Yann Arthus-Bertrand and Anastasia Mikova

Source: Screen file

Yann Arthus-Bertrand and Anastasia Mikova

Renowned French photographer Yann Arthus-Bertrand and filmmaker Anastasia Mikova were at the Venice Film Festival earlier this week for the Out of Competition premiere of their ambitious, wide-scale documentary Woman.

Ukrainian-born Mikova first worked with Arthus-Bertrand as editor in chief on his 2006 series of documentaries Earth From Above and was then an assistant director on his 2015 film Human, conducting some 600 of its interviews. 

She takes a co-director credit on Woman, having led the predominantly female team as they interviewed some 2,000 women in more than 50 countries over three years.

The resulting documentary – produced by Arthus-Bertrand’s Hope Production - gives voice to 100 women from all walks of life on topics ranging from what it means to be a woman, to motherhood, marriage, education and darker subjects such as sexual violence and genital mutilation.

Following its Venice debut, Paris-based sales agent Elle Driver market screens the documentary at TIFF on Sunday (Sept 8). Screen caught-up with Mikova and Arthus-Bertrand in Venice.

Can you talk a little bit about the genesis of the project?

Mikova: “It started with Human. While we were filming, it struck us that there was something special about the women’s voices.

We’d go to remote places where they’d never seen a camera. The men would be eager to share their stories while the women were often initially suspicious of our presence. But once they were in front of the camera they would totally open up. It seemed like it was the moment they had been waiting for all their lives.

We felt these women were ready to talk and wanted to be heard. The project started two years before the Weinstein Affair and the creation of movements like MeToo. That’s not to say we were first but rather that we weren’t surprised when this all happened…we really felt it was in the air.

What do you think sparked this mood?

Mikova: Social media has played a big role. In some of the remote places we visited, they might not have had basic facilities, but they all had phones and internet. Many women now know that a different type of life is possible and want to break the silence, for themselves and future generations.

Some of the testimonies revolve around harrowing experiences did you have counsellors on hand for the participants?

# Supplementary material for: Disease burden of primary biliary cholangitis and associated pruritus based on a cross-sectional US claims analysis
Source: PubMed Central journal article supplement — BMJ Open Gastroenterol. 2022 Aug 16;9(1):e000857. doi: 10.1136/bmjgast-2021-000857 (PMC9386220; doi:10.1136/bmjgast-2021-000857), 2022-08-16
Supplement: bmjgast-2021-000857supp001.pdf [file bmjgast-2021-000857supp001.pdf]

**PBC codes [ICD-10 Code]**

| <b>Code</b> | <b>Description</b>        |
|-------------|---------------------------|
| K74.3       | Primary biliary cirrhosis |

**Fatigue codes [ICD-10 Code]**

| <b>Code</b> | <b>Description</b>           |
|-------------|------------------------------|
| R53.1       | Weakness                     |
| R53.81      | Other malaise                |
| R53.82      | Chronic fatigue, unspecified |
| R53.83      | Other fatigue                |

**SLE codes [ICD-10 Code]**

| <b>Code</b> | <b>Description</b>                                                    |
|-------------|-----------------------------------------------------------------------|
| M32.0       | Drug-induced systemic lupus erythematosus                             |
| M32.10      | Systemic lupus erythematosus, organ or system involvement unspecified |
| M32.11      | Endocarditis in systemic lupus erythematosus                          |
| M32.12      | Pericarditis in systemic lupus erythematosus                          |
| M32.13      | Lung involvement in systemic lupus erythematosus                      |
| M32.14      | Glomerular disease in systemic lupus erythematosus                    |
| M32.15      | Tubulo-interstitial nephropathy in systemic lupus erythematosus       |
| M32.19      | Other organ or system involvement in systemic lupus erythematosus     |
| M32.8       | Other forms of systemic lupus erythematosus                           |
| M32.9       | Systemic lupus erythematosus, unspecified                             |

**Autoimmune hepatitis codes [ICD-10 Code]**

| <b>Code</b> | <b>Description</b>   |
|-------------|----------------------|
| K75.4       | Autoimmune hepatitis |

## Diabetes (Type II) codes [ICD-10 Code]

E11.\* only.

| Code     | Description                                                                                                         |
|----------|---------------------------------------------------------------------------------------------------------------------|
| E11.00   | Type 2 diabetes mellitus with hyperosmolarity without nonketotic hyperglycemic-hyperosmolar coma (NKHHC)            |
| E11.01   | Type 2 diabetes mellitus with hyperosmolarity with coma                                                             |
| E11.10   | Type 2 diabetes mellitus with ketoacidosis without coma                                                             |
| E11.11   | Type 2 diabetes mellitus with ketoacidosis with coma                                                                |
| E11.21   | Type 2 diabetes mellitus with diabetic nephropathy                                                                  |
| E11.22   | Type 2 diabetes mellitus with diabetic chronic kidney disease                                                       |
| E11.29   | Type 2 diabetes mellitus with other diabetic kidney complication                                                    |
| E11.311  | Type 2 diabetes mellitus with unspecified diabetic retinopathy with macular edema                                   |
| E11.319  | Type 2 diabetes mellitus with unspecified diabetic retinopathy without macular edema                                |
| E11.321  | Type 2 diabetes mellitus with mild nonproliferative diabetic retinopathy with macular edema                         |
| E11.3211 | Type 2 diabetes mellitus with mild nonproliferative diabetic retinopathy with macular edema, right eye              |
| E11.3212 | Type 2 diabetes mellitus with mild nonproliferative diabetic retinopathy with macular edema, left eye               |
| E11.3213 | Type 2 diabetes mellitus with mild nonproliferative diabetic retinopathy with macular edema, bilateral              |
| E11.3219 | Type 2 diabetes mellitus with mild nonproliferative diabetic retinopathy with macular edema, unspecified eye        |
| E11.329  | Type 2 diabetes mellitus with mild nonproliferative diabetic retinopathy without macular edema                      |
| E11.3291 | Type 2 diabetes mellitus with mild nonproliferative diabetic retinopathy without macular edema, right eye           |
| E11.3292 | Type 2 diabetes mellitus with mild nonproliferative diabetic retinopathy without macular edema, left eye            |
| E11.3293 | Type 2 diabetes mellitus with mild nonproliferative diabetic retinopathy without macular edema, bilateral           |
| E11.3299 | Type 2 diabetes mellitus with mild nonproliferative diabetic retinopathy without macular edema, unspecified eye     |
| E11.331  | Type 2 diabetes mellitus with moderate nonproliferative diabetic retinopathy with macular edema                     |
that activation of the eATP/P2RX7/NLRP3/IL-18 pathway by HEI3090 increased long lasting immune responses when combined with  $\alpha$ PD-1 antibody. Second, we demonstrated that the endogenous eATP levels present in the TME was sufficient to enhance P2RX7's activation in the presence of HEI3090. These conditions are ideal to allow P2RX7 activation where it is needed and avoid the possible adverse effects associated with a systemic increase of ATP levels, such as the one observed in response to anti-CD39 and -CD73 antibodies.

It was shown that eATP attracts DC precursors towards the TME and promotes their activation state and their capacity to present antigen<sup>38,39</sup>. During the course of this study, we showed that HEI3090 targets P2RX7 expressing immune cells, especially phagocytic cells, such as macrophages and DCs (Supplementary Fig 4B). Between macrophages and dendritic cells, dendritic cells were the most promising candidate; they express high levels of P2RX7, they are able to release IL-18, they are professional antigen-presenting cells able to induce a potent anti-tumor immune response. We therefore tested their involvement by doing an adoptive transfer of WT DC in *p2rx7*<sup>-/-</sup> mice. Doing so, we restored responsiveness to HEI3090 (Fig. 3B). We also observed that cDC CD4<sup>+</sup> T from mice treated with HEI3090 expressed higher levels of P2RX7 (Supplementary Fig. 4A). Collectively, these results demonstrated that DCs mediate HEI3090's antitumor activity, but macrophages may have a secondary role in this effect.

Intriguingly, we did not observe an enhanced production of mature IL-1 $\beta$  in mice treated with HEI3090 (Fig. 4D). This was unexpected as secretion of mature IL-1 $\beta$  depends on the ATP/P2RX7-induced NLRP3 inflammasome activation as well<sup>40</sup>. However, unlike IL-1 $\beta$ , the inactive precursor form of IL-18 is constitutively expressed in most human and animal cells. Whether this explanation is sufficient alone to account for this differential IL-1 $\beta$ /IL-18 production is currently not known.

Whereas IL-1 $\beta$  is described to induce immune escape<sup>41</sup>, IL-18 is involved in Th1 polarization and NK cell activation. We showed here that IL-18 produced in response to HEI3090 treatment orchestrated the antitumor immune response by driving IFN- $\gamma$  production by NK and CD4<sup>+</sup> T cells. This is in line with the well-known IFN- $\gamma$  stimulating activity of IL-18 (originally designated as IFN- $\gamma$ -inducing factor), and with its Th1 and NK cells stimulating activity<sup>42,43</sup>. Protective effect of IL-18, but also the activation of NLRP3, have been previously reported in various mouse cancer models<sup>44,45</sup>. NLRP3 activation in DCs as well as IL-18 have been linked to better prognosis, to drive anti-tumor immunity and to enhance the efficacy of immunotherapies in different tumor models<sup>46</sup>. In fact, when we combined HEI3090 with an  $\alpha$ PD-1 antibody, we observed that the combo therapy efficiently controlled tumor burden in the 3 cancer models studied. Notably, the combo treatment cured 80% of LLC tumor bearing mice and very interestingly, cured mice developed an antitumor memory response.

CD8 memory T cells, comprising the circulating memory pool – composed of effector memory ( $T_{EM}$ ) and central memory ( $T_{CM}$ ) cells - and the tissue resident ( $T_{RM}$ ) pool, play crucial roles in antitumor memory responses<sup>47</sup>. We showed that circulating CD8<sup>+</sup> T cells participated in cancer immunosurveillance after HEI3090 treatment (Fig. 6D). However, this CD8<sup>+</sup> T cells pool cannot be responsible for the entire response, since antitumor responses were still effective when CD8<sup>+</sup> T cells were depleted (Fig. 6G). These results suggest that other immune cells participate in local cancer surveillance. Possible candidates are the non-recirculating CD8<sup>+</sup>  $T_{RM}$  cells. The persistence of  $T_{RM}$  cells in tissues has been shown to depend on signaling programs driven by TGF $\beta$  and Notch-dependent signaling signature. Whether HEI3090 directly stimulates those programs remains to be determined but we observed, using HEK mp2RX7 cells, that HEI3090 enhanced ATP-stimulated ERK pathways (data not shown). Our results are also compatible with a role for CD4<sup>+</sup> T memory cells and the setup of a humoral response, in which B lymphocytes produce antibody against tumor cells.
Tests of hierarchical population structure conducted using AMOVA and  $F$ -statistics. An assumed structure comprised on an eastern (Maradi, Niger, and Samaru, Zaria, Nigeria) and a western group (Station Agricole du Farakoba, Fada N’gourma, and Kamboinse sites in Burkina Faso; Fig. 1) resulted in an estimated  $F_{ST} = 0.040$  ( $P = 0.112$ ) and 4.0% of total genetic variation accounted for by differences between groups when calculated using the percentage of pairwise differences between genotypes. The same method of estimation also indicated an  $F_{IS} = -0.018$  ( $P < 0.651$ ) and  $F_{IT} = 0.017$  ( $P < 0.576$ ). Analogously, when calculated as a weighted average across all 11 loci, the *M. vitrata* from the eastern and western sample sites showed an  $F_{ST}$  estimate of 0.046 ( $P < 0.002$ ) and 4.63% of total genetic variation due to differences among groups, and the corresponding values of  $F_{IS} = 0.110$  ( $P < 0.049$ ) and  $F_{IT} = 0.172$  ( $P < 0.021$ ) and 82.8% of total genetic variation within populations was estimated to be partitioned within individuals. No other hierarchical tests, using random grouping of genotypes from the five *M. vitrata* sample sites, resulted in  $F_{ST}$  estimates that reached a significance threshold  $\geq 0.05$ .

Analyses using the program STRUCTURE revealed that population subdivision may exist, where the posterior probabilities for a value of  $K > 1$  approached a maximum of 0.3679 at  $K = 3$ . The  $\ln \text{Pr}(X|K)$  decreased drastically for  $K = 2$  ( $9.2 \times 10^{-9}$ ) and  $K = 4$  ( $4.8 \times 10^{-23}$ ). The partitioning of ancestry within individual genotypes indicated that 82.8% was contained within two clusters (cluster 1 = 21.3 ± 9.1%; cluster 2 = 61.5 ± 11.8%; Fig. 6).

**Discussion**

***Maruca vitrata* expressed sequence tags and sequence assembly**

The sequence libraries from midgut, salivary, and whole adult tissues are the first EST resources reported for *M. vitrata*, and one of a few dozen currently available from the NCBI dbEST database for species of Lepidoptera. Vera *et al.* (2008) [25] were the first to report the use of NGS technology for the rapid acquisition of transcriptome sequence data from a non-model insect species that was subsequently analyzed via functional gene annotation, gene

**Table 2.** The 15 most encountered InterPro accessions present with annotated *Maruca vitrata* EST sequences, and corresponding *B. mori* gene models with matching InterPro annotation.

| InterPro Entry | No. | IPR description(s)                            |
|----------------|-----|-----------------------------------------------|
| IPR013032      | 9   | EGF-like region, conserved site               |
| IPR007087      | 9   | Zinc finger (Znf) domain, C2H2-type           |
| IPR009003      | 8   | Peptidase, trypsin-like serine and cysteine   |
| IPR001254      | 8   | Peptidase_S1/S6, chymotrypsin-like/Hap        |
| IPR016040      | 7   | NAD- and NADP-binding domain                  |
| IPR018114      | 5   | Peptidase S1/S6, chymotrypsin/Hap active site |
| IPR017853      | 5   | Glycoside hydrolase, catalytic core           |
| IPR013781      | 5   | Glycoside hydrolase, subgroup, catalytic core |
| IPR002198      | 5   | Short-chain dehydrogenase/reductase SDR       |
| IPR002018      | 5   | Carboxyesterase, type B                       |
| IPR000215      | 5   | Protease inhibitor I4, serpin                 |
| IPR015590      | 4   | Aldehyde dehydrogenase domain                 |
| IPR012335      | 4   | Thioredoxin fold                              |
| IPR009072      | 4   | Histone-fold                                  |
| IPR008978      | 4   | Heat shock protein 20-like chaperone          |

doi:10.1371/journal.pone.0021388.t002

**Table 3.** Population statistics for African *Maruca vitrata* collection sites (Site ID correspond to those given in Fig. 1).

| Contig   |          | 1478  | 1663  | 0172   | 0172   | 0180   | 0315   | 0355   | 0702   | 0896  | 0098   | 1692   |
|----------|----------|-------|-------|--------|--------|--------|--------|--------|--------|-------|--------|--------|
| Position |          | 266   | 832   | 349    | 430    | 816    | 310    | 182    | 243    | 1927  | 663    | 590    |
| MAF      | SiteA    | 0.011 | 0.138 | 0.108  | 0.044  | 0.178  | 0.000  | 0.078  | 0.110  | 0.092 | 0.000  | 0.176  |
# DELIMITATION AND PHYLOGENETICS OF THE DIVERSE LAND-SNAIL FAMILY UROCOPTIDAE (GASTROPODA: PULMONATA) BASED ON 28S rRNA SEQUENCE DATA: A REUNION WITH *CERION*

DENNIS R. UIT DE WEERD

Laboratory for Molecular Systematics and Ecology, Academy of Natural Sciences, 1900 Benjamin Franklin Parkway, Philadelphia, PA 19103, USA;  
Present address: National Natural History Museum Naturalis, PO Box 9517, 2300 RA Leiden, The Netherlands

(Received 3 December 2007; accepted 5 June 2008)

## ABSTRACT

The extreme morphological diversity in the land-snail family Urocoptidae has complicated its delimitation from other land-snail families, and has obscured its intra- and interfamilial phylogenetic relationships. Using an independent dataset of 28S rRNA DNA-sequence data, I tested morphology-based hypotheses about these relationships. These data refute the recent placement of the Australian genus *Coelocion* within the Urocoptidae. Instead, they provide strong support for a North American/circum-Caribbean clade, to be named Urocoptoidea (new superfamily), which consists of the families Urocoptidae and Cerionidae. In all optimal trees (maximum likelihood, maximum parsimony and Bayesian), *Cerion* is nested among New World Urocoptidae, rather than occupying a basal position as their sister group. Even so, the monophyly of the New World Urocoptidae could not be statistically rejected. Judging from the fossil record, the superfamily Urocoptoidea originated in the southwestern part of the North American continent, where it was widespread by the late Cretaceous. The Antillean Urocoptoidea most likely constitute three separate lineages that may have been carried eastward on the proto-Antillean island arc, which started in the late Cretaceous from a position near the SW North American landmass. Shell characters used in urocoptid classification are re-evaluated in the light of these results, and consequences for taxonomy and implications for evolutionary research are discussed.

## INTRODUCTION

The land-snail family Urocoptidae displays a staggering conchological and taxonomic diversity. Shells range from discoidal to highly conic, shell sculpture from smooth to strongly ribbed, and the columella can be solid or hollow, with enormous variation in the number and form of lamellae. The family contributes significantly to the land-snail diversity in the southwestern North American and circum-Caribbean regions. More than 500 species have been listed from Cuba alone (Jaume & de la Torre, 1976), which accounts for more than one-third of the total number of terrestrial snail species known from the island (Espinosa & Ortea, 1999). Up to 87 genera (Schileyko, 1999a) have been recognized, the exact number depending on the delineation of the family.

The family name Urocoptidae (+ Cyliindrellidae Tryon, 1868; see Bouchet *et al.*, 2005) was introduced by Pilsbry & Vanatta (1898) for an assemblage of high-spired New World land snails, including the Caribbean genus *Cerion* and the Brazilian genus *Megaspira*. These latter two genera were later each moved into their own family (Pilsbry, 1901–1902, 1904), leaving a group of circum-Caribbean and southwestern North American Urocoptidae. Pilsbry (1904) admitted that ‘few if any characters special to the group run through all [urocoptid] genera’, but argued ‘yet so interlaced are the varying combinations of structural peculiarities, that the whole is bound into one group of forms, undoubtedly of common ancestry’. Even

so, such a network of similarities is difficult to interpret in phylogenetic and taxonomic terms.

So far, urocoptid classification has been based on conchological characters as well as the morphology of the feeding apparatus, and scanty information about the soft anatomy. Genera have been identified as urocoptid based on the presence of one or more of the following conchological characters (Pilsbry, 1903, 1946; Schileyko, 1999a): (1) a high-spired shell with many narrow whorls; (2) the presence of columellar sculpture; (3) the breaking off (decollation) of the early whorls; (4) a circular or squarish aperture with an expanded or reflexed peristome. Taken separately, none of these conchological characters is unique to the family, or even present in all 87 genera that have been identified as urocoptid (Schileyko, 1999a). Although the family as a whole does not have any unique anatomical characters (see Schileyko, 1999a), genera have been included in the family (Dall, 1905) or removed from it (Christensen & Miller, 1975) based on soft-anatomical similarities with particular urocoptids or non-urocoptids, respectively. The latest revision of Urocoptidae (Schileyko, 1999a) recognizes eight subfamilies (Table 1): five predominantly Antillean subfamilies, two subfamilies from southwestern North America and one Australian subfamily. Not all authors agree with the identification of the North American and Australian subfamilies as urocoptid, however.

Mikova: We didn’t just pitch up and start doing interviews. We did a lot of advance preparation. The involvement of NGOs on the ground was key to the success of the project. They understood the terrain and often already had the trust of the women, and knew which women were ready to talk. We really didn’t want to push people if they weren’t ready. 

Yann, what role did you play in the making of the film?

Arthus-Bertrand: I quickly felt there was a complicity between the women on the team that I could not be part of, because I was a man. I felt I didn’t really have the right to speak, and even when I made suggestions that I thought were valid, they ended up being a bit off target.  

There were topics, like what it means to have periods, to bleed every month and feel ill, that were completely alien to me as a man. I understood I should stay in my place. I didn’t feel I had the right to impose my vision. It’s the first time that has ever happened to me. I someone who normally likes to take the lead. 

The documentary premieres at the Venice Film Festival amid ongoing criticism of the lack of female representation in its line-up. What are your thoughts on this?

Mikova: It’s good to have the film playing here amid all this controversy, to have all these women talking and releasing their message. 

Arthus-Bertrand: These sorts of films can have a hard time getting exposure in cinemas, so to launch it here is a wonderful opportunity. 

 What next for the film after its Venice premiere?

Mikova: We only have 100 women speaking in the film but we want all the women’s testimonies to exist in some way. We’re finishing a book, there will be a social media campaign on Facebook and Instagram, and we also want to create an exhibition.

Arthus-Bertrand: We hope to organise a simultaneous worldwide release for the 8th March, 2020, to mark International Women’s Day. 

In addition, we have also created an association, called Woman (s), aimed at offering media and filmmaking training to women. We already have projects up and running in Brazil, South Africa, India, China and Lebanon. All the money made by the film will go into this association. As the film has been made with sponsorship money we don’t have to pay back costs and producers fees. 

We’re also looking at a second film going deeper into the some of the issues tackled by the first film. 

Are you working on other projects?

Arthus-Bertrand: Me personally, I’m working a new film called Legacy, subtitled the “Courage of the truth” looking at the environment and what is happening in the world right now. With Anastasia, we’re also mulling a project looking uniquely at men, following on from Woman.

Mikova: When we were editing the film, we’d ask ourselves what would a man have said. What would he say about his sexuality, his relationship with his mother. Men have talked a lot through the centuries but very often it’s in public.  I’m wondering what would men would say on more intimate topics, would they be prepared and able to reveal these things. It’s a question.